The book says:.














“Spray ‘em with chemicals”

Ah, shit. No, that’s not what I want. Book, you’re just as bad as folklore.

I’m reminded of something Larry said. I know, I was going to leave Larry out because he didn’t condemn the chemical companies like I wanted him to, but he has a theory that might give me something new to blame.

He says a lot of plants, especially trees, decide when to host their first bloom in accordance with soil temperature. Six inches under the surface, conditions represent a sort of average of the weather above. Warm winter = early bloom.
Bees, however, are union workers. They only go out during the daylight. So, if the average American soil is warmer now than it’s been in a hundred years (which it is), that means the crucial first bloom occurs earlier in the year than usual.
Honeybees, Larry says, smell the flowers and come out of wintering half-starved. They’ve already killed all the males in the hive, they haven’t been raising many young, they’re running out of food reserves and getting sick of the antibiotic-laden sugar water their keepers feed them, and now they only have six hours of daylight to collect as much pollen and nectar as they can, even though in years past they would have had eight hours to do it.
The hive is desperate for babies; all its workers are elderly holdovers from before the first frost. Though they do their best, and the queen fills the combs with eggs, but because of the short day they can’t get enough pollen and nectar to feed their future replacements. So when the elderly workers die, so does the colony.

That’s an idea: the cumulative effect of growing gasses in the atmosphere might cause the elimination of an entire class of organisms.

But what about Finland, Spain, Australia, Kenya, and China? Their honeybee populations are increasing. In fact, all the world’s honeybee populations, as a net group, are growing.

-I read that both in a book and on the Internet and in a science journal.
That’s three-times true.

And you know, on the Isle of Wright during the early twentieth century, 90% of their beehives just up and died. People still don’t know why, and that was way before global warming and pesticides and invasive mites and Soviet communism.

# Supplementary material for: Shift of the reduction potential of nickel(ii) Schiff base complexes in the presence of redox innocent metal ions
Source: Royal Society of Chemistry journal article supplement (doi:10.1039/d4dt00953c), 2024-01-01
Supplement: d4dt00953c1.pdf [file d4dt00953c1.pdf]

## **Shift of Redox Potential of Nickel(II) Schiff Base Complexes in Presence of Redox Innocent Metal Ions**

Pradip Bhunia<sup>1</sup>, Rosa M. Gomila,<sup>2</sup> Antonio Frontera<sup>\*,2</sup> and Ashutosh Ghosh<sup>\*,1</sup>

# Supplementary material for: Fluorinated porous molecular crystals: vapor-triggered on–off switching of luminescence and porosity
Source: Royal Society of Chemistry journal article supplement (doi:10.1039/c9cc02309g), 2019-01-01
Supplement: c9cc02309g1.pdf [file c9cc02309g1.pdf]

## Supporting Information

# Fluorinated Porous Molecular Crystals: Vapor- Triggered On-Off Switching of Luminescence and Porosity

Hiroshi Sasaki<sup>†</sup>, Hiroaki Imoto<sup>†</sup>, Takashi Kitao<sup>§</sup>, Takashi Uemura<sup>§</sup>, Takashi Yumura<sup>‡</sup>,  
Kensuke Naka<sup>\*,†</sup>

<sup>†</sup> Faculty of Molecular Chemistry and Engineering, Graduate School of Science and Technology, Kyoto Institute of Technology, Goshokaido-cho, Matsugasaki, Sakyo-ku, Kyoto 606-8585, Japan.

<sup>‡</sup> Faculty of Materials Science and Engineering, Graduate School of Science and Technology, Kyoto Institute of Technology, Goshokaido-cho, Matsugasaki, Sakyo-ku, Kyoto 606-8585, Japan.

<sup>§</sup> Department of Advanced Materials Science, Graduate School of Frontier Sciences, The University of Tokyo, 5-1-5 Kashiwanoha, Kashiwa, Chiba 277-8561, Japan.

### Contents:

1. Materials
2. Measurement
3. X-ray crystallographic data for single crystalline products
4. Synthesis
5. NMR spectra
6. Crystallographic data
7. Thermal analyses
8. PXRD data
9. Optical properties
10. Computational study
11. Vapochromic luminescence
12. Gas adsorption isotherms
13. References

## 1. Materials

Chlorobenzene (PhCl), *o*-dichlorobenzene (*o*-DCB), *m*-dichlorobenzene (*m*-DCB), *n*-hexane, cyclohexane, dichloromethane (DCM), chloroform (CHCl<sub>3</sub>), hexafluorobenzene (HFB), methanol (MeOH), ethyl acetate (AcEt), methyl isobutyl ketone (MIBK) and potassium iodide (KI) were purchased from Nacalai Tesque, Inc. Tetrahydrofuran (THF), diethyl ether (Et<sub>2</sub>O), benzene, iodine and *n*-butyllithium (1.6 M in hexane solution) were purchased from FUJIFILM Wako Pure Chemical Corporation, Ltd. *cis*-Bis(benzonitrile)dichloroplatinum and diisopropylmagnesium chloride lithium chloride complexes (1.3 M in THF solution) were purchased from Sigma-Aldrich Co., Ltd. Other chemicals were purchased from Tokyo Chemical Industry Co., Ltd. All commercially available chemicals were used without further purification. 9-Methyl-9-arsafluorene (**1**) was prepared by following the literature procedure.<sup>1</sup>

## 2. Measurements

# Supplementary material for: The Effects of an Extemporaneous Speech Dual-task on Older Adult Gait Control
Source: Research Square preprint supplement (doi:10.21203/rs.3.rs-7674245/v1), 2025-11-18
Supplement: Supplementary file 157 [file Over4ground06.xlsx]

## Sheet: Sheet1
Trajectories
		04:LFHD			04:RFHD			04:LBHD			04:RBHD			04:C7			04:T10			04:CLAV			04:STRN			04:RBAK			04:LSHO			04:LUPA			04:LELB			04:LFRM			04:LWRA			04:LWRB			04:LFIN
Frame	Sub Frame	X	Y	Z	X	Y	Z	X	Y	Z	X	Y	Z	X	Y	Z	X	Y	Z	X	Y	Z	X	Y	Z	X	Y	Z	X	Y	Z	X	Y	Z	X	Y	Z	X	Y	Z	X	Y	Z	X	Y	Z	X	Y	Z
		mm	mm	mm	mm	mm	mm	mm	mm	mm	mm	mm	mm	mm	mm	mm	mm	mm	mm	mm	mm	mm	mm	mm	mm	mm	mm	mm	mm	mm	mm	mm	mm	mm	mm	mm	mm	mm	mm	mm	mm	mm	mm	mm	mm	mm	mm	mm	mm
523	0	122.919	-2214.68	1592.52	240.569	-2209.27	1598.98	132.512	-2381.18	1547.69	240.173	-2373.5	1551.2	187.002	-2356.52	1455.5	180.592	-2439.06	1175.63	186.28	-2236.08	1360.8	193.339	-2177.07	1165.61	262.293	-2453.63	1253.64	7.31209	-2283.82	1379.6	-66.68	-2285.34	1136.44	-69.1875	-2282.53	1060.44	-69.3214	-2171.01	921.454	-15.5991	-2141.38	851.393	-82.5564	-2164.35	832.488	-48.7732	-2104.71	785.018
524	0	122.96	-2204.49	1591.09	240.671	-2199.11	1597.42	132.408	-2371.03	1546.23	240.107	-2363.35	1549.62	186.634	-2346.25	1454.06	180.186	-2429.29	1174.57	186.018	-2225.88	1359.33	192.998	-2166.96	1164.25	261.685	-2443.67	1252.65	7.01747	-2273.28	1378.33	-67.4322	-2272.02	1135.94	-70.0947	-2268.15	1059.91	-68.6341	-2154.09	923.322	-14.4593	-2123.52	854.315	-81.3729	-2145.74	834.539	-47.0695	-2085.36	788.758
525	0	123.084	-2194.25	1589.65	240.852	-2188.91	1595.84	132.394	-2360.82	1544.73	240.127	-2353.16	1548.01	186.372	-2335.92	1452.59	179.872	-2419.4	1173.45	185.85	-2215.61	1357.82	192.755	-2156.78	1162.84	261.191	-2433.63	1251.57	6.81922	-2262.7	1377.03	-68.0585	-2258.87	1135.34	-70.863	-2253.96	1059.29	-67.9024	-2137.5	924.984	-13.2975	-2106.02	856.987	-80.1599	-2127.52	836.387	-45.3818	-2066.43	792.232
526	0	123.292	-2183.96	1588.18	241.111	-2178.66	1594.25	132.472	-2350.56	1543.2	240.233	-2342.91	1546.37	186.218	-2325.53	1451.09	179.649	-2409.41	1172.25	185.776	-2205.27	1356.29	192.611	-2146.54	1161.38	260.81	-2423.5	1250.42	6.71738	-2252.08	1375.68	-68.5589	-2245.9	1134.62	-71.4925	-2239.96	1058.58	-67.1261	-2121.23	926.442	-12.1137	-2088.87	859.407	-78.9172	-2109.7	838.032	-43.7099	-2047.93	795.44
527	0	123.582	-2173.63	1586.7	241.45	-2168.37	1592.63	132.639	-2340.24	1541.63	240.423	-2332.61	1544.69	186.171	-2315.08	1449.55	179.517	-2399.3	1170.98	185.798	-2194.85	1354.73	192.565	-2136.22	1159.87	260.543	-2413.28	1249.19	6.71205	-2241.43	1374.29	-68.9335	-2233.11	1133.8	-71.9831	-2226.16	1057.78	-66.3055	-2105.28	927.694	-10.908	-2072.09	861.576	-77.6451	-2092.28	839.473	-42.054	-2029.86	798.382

Maybe sometimes bees don’t like a place. Maybe they decide death is better than living in some hellhole like the Isle of Wright. A little introspection might show the United States isn’t a great place to be a bee right now either. I’ve seen how they’re treated. They come here off ships and airplanes from breeder colonies in other countries, they’re divided up according to which hives are strong and which aren’t, the strong hives get loaded onto palates with other bee gangs and trucked around at sixty-five miles an hour (the weak hives are left behind to breed), they only have access to one “monoculture” food source at a time, they eat nothing but empty calories and sugar, they get smoked and molested every two weeks by honey harvesters, they come into contact with all sorts of crazy weather conditions, they meet every parasite and virus the road has to offer, they’re forced to separate and swear fealty to a new queen when their keepers need to expand their operations, they live in insulation during the winter so the weak aren’t culled, they come from narrow genetic stock that gets narrower over the generations from human’s selective breeding, there’s less acreage to graze on with meadows being replaced by cul-du-sacs, they get killed by feral bees, by wasps, by bee catcher birds, and spiders, which they’re poorly equipped to battle because they aren’t evolved to face these predators, being native to a whole different continent.

I’m starting to feel a little empathy for the bees. They’re being exploited. They never asked to come to America. They’re working their little stingers off, and in exchange their species gets bottlenecked; bread into extinction, if not forced there from abuse.

Oi! But while bee numbers in America are in decline, demand for their services has never been higher. In California, the drought pushes farmers to rely on crops with more valuable yields. These crops – like almonds, cashews, and avocados – need bees for pollination, but don’t flower often enough to support a regular bee population. So the bees get bundled up and pulled away from their grazing, and trucked in to the fields – all against their preference.

I feel like I might, maybe, just be getting to the source of honeybee colony collapse.

And all on my own! I am a genius!

So in the classic case of colony collapse disorder, which the government and private enterprises have spent over a billion dollars investigating and trying to solve, what happens is the keeper walks up to a hive after a couple weeks of leaving it alone, they open up the top, look inside, and it’s all empty.

Well, not totally all empty. There might be a few young workers, some drones, larvae, and lots of honeycombs. On the floor there will be a small pile of dead. Sometimes the queen is in that pile, sometimes not. The bees leave the hive, which seems to be aesthetically and functionally fine, to the wolves.

And the question that brought me here, is after all we’ve done for the bees, and knowing full well how much we need them, why would they just excuse themselves from our system?

I think if I asked the bees what colony collapse disorder is, they’d tell me it’s my problem, not theirs.

About the Author

Scott Wilson

I live in Chicago where I co-host the monthly Chimera Reading Series and help edit the Hotel Amerika lit journal, and read for Habitat Magazine. My writing has appeared in, Chicago Center for Literature and Photography, the Chicago Anthology by Belt Publishing, the Chicago Review of books, and Quip Magazine.